The idea that I might suffer from one or more of the same maladies, (physical, mental, and moral), that my parents do is not a new paranoia. (Is it paranoia if it’s true?). The fear is also not unique to myself. What sentient being approaching middle age doesn’t occasionally glance in the mirror and recoil in horror at the presence of their same sexed parent staring back at them? Clearly I am not a hoarder on the scale that would draw the attention of a reality show production crew, but I may be either on the threshold of a serious episode, or well into my apex as a mini-hoarder. Only time will tell.

The first piece of evidence of my hoarding I have to present is my writing jacket. I used to call it my smoking jacket, but no longer do so. This article of clothing is actually not a jacket at all, but thick 50% cotton and 50% acrylic button-up shirt my father brought back for me from Mexico. Many years ago he went to a resort in Mexico with some previously unknown friends. I was already married and out of the house at this time. He brought back several souvenirs for the family. He brought me back this shirt. It is warm. That is its only redeeming quality. It has tri-colored stripes of non-uniform sizes. The colors are a vulgar imitation of the colors of the Mexican flag. The white is accurate enough but the red is not the rich, dark red of the flag of that proud country, but instead a red that is almost pink, like a shade of cheap lipstick. The green is the worst of all. It is not really green at all. The only way I can describe the green is that it is the perfect match to the color “cyan” in the old Commodore 64 color palette. The stripes themselves are vertical on the body and horizontal on the sleeves. It appears to be made of wool and the outside feels coarse. However, as mentioned previously, and is confirmed by the tag, it is not wool. It is soft on the inside. I never liked the look of the thing. I don’t remember what everyone else got, except what one of my brothers received. He, always being father’s favorite, received a soft, handsome, blue and white blanket poncho. I coveted the poncho, but ended up with the shirt, or jacket.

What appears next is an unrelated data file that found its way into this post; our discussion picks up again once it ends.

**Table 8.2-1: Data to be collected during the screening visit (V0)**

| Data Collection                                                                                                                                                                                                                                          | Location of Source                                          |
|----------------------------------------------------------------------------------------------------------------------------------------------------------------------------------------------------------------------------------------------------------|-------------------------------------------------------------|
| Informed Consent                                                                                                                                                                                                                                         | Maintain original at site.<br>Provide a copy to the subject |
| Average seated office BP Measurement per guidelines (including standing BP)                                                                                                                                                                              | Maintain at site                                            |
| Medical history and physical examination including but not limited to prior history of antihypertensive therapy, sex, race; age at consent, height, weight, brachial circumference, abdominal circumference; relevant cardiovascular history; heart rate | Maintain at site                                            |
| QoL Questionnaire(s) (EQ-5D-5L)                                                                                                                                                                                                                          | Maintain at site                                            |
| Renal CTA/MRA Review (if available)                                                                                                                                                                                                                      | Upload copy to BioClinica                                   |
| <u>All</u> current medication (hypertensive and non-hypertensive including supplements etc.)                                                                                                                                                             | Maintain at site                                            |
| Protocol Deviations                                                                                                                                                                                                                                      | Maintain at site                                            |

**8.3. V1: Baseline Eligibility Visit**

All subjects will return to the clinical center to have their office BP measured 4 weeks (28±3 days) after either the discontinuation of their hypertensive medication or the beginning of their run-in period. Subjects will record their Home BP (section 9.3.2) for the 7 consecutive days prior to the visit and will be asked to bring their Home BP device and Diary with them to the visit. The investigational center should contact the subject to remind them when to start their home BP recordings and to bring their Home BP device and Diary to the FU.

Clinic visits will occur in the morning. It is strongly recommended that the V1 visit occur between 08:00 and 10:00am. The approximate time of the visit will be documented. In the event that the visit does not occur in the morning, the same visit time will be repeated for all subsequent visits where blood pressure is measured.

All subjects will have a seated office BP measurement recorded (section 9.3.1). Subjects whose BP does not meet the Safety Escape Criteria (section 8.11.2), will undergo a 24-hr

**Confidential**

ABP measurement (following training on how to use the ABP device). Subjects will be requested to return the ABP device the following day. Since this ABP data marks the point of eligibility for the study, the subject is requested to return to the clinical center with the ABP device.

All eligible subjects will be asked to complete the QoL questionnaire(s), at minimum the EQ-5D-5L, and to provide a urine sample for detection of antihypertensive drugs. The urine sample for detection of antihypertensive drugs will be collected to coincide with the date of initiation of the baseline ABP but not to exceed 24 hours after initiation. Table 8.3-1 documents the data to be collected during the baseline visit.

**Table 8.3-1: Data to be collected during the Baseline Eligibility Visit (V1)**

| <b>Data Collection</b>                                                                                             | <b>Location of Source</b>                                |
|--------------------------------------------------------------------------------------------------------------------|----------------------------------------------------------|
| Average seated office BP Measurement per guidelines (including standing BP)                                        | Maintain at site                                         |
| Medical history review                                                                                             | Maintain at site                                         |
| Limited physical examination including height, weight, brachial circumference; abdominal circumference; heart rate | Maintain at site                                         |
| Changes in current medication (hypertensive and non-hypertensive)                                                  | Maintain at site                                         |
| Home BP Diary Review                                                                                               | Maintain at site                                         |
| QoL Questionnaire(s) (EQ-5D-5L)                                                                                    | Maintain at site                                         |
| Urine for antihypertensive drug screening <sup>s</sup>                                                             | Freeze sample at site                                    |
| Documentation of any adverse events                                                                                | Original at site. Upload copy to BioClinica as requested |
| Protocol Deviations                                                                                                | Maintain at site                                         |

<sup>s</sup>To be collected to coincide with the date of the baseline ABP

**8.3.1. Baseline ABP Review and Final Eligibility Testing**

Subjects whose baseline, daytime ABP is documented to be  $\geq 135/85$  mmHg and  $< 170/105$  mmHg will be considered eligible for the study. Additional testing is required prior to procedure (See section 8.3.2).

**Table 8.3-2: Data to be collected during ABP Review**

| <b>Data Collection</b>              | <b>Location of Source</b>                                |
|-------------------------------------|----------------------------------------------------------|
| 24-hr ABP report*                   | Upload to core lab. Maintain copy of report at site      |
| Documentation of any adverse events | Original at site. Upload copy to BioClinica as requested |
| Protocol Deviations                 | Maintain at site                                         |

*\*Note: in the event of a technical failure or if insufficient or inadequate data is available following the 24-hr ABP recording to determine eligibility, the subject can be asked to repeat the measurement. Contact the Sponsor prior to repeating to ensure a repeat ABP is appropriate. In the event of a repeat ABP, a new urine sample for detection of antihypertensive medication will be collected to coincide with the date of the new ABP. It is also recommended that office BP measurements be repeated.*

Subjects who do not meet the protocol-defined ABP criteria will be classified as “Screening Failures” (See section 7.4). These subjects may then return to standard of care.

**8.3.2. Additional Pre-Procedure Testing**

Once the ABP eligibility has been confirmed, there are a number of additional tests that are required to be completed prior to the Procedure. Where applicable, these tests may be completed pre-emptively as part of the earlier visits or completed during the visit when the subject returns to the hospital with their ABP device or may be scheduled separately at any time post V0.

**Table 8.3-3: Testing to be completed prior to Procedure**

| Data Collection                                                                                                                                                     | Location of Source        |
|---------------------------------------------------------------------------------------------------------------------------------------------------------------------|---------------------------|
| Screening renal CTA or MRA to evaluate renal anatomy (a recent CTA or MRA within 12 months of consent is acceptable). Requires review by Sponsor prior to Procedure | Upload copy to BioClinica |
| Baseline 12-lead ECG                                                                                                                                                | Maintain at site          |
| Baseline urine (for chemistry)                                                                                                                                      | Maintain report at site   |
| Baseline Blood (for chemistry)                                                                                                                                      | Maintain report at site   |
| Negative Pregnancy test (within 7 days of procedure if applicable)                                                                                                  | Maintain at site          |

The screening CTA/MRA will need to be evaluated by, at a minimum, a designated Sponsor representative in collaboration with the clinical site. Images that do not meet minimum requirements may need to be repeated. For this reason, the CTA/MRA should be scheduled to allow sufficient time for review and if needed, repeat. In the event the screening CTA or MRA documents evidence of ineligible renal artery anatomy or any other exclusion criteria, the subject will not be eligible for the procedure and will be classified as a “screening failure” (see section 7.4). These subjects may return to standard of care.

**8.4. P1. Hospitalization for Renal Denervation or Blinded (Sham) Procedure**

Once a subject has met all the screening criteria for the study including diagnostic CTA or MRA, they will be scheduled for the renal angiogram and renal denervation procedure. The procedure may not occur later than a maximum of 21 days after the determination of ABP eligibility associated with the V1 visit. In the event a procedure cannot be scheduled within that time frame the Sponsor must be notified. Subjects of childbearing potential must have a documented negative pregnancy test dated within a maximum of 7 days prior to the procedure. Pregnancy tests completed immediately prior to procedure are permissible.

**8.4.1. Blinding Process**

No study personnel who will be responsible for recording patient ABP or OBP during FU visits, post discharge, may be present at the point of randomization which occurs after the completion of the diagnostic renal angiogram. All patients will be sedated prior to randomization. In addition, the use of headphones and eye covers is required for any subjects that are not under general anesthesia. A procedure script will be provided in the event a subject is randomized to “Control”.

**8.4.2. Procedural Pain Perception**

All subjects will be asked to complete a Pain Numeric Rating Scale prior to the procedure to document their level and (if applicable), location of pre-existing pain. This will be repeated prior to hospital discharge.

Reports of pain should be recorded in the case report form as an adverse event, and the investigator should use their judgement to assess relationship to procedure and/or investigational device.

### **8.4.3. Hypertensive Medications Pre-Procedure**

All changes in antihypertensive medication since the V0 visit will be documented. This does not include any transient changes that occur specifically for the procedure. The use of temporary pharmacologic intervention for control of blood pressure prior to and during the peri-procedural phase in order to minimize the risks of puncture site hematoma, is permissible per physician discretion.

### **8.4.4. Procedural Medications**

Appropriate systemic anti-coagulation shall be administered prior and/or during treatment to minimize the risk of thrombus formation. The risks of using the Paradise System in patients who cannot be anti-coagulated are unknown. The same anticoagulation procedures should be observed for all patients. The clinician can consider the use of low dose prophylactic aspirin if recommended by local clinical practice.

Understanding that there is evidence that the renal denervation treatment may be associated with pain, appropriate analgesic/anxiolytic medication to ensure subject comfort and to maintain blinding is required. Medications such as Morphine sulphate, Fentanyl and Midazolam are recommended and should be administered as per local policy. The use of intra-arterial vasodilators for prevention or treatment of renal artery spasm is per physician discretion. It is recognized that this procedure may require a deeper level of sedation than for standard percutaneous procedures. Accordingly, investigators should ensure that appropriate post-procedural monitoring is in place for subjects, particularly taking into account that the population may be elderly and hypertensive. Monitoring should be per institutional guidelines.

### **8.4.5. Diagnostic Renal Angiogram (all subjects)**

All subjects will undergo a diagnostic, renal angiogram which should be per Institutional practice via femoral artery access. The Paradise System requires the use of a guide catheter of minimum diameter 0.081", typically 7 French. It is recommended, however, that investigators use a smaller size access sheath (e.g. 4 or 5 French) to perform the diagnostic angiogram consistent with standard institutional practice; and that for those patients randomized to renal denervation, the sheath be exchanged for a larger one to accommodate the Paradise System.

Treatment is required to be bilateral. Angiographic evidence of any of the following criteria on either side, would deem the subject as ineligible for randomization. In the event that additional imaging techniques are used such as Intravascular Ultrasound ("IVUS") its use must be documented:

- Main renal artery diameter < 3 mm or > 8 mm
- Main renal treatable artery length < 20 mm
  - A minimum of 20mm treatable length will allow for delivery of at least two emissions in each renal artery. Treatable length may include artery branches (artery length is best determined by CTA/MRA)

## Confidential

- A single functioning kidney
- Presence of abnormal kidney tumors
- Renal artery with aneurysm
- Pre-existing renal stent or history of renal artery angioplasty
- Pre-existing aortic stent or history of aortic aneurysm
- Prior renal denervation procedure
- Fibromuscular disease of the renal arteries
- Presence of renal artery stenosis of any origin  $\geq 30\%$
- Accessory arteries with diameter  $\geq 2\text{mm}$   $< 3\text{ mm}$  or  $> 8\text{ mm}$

I have always had a difficult, and often tense, relationship with my father. Even though I hated the shirt, I kept it and called it my smoking jacket. I don’t smoke. I never have, and likely never will. I actually wore it upon a few disparate occasions and found it to be warm and cozy. This did not endear me to my father or the garment, it just made me despise it all the more. Despite several residence changes and spring cleanings, the jacket survived the purges. Once I had children I had to stop referring to it as my smoking jacket as I realized they asked enough difficult questions without being prompted. Having a smoking jacket when no one they know actually smokes would be too much.

I recently pulled the jacket out of my closet to keep warm while I was writing because I did not want to turn on the heat. Thus, it became my writing jacket. I have approximately one million hooded sweatshirts or hoodies, thousands of sweatshirts and sweaters, and more than a few actual jackets, all of which are more comfortable, more aesthetically pleasing, and less fraught with emotional baggage than my writing jacket. Why do I still have it? I could have some Puritan in me and feel the need to punish myself for my unworthiness. More likely, it is the hoarder in me coming out. Any sentimentality, even what may be termed anti-sentimentality is reason enough to keep a piece of clothing I loath, but still sort of like.